Farmers of North America (FNA) didn’t get the chance to turn CWB into a farmer-owned company, but it’s still willing to work with the new owners, officials said last week.
James Mann, president of the Saskatoon-based FNA, said under its proposal farmers would have owned 100 per cent of the company, as opposed to the 49.9 per cent equity in G3.
“The FNA offer would have given farmers a total equity position in the CWB of $600 million,” Mann said in a news release April 20. The G3 sale gives farmers a potential stake in CWB, but not control. G3 can buy farmers’ equity after seven years, whether farmers want to sell or not.
“We’re very disappointed that the farmer bid (as proposed by FNA) was dismissed (last fall),” Bob Friesen, FNA’s vice-president of government relations, said in an interview April 23.
However, FNA still wants to work with CWB to benefit farmers, he said.
FNA, a private Saskatoon-based company in the business of getting farmers better deals on crop inputs and other products, is working to create a majority farmer-owned, limited partnership company to manufacture nitrogen, ProjectN and another to distribute it, Genesis Grain and Fertilizer.
“We’ve always said it is a much more efficient use of farmers’ capital if you build fertilizer distribution and grain-handling facilities on the same site,” Friesen said.
The best way for farmers to boost their returns is to own more of the value chain, he said. If farmers owned their own grain company they would get the true value of their grain through either a narrower basis (difference between the country and port price) or higher company profits because of the wide basis, Friesen said.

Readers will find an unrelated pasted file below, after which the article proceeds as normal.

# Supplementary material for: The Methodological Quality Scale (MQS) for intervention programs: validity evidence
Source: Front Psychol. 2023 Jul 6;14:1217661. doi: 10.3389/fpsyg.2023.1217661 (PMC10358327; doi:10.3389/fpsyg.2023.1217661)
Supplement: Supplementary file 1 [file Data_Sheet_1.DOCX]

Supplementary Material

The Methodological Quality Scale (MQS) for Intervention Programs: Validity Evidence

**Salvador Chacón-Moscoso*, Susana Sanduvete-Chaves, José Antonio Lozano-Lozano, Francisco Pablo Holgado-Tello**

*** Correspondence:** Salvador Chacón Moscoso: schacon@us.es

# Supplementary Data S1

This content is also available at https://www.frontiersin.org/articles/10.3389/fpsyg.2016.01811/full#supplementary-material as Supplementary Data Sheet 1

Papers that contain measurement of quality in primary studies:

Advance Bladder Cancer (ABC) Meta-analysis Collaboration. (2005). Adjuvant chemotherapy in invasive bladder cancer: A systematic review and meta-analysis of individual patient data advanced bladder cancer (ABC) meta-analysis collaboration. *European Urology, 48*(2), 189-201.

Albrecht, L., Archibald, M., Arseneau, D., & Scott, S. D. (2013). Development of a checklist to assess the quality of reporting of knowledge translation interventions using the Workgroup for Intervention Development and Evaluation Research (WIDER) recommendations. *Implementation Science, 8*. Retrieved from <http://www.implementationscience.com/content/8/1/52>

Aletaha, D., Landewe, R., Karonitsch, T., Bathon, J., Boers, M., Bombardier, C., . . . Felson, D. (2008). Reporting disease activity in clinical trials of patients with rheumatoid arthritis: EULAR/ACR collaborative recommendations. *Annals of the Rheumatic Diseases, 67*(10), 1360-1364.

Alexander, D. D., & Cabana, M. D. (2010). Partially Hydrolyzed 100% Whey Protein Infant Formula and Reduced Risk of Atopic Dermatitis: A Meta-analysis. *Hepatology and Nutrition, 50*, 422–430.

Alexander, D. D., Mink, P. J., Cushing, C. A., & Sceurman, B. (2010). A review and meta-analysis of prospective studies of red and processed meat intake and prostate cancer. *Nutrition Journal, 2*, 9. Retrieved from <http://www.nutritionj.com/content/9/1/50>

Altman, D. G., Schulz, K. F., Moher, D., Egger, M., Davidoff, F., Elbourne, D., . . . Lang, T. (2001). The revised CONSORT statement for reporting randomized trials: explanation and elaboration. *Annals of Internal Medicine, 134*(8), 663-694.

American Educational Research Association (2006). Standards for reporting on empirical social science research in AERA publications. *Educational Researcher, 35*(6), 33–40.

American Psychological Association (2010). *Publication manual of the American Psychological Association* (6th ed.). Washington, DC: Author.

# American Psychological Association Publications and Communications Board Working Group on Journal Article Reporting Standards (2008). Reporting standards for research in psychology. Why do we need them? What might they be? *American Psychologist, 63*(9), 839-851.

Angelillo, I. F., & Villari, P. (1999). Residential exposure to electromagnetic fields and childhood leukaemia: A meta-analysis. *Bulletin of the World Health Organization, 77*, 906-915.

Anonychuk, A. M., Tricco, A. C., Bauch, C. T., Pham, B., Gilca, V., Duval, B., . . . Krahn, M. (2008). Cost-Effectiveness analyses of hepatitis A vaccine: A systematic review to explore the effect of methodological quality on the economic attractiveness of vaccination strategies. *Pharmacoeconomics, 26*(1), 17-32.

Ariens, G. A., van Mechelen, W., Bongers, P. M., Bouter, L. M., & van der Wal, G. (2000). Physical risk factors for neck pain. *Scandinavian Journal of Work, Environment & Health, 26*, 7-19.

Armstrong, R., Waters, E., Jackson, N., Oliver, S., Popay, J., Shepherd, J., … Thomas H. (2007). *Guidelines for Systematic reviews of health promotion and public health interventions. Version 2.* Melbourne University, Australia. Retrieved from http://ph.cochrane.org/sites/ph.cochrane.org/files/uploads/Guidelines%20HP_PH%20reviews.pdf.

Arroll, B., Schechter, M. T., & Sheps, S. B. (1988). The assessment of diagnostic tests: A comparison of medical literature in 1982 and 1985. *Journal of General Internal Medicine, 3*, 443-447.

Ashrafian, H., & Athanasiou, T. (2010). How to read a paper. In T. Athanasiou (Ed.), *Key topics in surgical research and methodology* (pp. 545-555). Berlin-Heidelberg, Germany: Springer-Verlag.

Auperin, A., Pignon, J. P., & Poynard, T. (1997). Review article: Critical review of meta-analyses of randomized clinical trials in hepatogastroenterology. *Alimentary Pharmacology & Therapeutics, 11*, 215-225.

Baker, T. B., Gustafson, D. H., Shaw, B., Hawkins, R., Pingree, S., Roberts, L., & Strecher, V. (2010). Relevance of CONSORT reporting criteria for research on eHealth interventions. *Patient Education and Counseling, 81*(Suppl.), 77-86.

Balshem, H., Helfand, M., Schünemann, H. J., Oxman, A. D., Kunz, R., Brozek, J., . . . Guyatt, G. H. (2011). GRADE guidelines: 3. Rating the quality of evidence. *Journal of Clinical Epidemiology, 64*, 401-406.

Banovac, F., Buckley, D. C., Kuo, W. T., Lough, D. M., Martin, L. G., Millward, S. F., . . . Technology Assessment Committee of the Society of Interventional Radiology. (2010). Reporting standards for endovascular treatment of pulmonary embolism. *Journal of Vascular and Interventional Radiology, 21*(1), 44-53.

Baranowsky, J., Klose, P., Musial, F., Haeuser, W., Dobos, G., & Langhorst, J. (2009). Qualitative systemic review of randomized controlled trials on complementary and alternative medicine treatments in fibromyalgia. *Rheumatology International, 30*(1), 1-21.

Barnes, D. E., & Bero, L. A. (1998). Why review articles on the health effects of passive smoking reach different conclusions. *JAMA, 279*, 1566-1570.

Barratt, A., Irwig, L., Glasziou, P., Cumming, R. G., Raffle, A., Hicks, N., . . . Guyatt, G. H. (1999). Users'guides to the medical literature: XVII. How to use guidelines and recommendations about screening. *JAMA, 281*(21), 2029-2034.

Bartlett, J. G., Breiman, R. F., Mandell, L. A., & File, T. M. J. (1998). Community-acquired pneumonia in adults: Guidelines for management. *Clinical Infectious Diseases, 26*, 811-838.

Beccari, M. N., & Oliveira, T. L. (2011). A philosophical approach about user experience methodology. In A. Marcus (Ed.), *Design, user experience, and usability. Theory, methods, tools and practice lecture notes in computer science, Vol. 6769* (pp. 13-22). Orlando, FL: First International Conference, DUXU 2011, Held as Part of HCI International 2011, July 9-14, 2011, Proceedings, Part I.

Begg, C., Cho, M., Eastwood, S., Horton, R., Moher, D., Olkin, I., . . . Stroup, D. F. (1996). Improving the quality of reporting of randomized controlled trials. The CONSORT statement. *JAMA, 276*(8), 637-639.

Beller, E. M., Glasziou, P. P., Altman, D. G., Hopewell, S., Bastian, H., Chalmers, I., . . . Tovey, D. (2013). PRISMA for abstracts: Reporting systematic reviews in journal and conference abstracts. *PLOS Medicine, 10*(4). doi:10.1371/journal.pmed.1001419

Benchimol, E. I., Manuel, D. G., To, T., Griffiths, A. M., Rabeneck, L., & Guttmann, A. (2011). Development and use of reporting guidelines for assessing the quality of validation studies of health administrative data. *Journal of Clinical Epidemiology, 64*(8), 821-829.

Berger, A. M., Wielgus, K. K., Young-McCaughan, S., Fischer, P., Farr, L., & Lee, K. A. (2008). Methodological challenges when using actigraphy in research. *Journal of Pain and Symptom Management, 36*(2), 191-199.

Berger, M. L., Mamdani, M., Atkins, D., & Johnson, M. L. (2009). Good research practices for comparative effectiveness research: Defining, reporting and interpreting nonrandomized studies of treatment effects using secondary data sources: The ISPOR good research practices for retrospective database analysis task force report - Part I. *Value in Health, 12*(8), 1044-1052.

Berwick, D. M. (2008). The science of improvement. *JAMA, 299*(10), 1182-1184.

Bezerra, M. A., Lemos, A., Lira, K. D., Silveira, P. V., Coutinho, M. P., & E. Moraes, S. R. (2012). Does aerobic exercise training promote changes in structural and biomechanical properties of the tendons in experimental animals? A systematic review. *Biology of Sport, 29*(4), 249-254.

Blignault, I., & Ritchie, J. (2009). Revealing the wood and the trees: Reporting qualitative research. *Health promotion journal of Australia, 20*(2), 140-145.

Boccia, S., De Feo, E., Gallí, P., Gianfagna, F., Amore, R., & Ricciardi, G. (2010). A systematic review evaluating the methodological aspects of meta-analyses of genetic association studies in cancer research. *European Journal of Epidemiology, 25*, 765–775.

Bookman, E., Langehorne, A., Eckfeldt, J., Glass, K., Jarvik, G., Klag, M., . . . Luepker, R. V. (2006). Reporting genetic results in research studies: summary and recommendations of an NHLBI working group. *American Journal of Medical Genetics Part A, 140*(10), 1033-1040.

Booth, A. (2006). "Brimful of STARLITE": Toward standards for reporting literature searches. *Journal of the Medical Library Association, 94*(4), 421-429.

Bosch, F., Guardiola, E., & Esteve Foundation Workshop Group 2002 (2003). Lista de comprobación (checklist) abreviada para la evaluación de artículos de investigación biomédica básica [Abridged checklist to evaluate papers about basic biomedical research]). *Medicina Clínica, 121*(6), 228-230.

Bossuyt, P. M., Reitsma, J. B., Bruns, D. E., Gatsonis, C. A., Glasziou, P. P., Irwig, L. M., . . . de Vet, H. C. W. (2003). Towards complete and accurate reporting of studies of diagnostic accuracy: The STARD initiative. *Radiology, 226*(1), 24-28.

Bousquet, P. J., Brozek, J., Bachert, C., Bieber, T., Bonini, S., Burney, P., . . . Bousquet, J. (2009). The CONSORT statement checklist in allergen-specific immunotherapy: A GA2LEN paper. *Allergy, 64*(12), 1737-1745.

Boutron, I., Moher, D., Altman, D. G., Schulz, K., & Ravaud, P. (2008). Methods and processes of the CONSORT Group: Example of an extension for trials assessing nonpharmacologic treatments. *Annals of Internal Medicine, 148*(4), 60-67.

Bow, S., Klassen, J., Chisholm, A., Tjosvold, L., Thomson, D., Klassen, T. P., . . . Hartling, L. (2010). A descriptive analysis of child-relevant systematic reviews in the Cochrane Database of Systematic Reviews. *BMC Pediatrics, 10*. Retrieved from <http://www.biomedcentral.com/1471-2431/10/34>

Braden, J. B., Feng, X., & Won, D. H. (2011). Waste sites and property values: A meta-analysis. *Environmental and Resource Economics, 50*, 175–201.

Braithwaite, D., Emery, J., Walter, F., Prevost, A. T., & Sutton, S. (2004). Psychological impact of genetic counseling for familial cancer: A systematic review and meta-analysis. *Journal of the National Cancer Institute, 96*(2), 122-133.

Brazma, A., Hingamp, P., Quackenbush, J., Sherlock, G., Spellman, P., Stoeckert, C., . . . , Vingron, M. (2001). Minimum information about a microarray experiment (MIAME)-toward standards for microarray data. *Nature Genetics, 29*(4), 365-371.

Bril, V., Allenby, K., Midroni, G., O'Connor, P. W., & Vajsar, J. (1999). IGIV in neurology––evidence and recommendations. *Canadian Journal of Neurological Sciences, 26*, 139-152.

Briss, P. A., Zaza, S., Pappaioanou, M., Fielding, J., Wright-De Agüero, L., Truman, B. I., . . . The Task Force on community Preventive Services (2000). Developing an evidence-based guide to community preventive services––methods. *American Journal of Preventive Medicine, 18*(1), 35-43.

FNA says 10 questions should be considered when assessing the G3 purchase of CWB for $250 million announced April 15, including:
- Will the deal earn equal or better margins for farmers than majority farmer ownership?
- Will farmers get timely returns from their equity?
- Will farmer equity be diluted?
- If competition is a key, are there measure to block mergers and acquisitions reducing competition?
- Will CWB work with farmer interests to achieve synergies where possible?
CWB didn’t respond to a request for comment.
However, Dayna Spiring, CWB’s chief strategy officer and chief counsel told reporters April 15 CWB sought an investor with grain-handling experience and lots of capital to expand CWB’s grain-handling network.
She said it was also important to bring in new investment for two reasons. One was to add more competition. “And secondly, we wanted to give our employees every opportunity to continue to work for and grow with CWB,” Spiring said. G3 has just 12 staff.
G3, a joint venture firm majority owned by multinational, publicly traded Bunge, the world’s third-largest grain and food company and state-owned Saudi Agricultural Livestock Investment Company (SALIC), met the criteria.
Friesen said people with grain-handling expertise can be hired. FNA had also been negotiating with an investor “with very deep pockets,” when its CWB bid was rejected, he added.
Whether FNA would have raised $600 million from farmers to buy CWB is unknown because the deal was rejected by CWB and the federal government before it had finished its fundraising efforts. Farmers pledged $50 million towards the venture in a very short period last fall when they were busy harvesting, Friesen noted. What still troubles Friesen is why FNA had to submit its bid by Oct. 20, 2014 while others had more time.
CWB was created after Ottawa ended the Canadian Wheat Board’s 69-year-old monopoly on the sale of western Canadian wheat and barley Aug. 1, 2012.
FNA’s plan was for a commercial enterprise, Friesen stressed.
“It is really, really unfortunate if there’s anybody in the industry or in governments that would discourage farmers from owning more of the value chain… because we know that for farmers to accrue the benefits… they need to own part of the value added.”
Friends of the Canadian Wheat Board chair Stewart Wells suspects the federal government was determined to prevent farmers from owning CWB so it can never be a platform for restoring the monopoly. Wells also said preserving CWB jobs shouldn’t have been a criteria when searching for investors.
“That’s not how you do a business deal,” Wells said, noting the objective when selling a company is getting the best deal for the shareholder.